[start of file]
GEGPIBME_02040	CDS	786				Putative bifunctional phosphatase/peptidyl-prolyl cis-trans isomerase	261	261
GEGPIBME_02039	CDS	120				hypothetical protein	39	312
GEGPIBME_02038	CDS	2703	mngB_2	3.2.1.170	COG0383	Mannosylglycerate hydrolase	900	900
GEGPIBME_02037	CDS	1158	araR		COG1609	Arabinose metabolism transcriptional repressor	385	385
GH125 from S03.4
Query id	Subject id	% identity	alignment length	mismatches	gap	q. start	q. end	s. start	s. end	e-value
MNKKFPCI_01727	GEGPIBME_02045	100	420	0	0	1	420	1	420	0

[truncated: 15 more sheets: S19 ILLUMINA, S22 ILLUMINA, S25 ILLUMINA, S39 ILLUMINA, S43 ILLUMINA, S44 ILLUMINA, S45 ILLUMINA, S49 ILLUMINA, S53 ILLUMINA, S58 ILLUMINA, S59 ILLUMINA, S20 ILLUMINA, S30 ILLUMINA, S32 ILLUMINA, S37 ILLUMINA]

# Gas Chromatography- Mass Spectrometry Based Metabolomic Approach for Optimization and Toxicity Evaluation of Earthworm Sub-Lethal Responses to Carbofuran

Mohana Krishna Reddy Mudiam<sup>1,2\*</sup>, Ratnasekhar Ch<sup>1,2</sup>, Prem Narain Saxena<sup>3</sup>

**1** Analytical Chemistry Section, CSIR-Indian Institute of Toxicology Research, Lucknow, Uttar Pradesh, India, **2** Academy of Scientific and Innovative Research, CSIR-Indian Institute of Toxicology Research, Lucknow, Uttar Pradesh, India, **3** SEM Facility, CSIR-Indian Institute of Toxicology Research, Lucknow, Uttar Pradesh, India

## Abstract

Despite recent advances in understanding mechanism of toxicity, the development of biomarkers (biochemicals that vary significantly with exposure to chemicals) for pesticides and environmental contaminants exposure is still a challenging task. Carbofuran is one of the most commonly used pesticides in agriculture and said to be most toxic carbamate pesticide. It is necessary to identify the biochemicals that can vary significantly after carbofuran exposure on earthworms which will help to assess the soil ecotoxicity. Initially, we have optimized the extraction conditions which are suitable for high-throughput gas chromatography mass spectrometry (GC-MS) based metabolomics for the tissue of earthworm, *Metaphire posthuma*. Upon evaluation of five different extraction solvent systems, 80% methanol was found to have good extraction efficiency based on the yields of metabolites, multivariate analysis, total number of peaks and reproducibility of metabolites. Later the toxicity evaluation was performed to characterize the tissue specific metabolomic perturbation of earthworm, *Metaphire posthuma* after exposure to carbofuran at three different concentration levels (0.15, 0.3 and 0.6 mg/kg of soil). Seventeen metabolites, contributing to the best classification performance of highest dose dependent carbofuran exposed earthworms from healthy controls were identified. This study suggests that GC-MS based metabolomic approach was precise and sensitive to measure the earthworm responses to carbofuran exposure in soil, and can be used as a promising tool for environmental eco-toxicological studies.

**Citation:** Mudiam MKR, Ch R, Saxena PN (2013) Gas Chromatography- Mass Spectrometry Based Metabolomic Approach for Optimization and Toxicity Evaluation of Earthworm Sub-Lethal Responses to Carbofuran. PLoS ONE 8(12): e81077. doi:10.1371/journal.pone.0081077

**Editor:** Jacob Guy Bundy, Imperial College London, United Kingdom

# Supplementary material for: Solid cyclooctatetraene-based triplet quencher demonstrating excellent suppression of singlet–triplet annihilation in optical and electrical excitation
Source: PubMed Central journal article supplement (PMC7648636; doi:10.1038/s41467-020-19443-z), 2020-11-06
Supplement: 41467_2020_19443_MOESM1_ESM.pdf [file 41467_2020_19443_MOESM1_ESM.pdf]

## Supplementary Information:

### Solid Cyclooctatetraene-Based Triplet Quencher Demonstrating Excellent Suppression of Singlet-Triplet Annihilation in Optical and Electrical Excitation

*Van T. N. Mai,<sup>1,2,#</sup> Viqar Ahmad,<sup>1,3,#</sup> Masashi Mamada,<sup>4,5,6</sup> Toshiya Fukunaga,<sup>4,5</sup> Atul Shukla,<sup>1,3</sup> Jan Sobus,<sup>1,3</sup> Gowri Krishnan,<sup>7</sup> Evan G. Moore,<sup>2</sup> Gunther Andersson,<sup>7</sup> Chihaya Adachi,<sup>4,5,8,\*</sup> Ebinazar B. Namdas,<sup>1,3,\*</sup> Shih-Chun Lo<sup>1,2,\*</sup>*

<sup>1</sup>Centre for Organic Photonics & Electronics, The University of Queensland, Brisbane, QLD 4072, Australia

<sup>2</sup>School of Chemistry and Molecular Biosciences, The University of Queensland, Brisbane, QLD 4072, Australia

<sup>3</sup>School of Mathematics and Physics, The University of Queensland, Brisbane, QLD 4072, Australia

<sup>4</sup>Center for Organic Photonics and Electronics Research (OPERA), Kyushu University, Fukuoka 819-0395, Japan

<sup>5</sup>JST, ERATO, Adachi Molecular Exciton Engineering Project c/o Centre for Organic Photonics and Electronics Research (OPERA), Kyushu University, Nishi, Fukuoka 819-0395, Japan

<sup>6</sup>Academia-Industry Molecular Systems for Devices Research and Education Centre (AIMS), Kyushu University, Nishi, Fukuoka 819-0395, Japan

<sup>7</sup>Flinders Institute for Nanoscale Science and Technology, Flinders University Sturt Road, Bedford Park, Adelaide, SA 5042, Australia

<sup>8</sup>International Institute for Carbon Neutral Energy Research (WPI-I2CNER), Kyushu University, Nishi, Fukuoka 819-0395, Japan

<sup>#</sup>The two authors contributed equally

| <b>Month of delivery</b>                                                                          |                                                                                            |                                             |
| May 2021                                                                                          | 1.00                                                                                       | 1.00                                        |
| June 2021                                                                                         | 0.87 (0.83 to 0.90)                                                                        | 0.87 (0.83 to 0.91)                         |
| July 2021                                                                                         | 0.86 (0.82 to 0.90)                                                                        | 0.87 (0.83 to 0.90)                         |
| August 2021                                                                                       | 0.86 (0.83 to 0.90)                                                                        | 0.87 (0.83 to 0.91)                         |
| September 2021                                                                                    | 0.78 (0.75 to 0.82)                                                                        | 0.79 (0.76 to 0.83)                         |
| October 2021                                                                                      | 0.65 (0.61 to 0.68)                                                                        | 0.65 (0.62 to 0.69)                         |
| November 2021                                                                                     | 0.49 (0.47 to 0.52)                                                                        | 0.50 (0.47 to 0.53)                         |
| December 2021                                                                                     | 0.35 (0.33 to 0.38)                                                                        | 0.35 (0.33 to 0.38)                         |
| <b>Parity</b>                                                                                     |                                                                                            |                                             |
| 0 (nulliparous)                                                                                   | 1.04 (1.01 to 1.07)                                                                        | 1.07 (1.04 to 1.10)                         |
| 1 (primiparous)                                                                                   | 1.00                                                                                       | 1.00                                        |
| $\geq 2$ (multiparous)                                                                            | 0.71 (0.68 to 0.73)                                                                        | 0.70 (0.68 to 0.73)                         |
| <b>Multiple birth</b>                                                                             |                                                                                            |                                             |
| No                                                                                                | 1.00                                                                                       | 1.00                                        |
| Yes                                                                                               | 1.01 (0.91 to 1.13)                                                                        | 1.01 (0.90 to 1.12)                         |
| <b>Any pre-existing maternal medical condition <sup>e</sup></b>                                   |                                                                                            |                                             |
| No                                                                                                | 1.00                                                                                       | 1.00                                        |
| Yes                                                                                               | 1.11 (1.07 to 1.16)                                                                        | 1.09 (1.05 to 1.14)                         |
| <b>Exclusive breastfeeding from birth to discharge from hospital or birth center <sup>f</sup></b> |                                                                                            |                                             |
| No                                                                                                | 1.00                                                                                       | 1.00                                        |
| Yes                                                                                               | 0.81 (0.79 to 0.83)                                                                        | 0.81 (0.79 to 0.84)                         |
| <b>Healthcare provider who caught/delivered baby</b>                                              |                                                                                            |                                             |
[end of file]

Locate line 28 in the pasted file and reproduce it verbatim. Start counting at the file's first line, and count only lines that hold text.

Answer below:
<sup>7</sup>Flinders Institute for Nanoscale Science and Technology, Flinders University Sturt Road, Bedford Park, Adelaide, SA 5042, Australia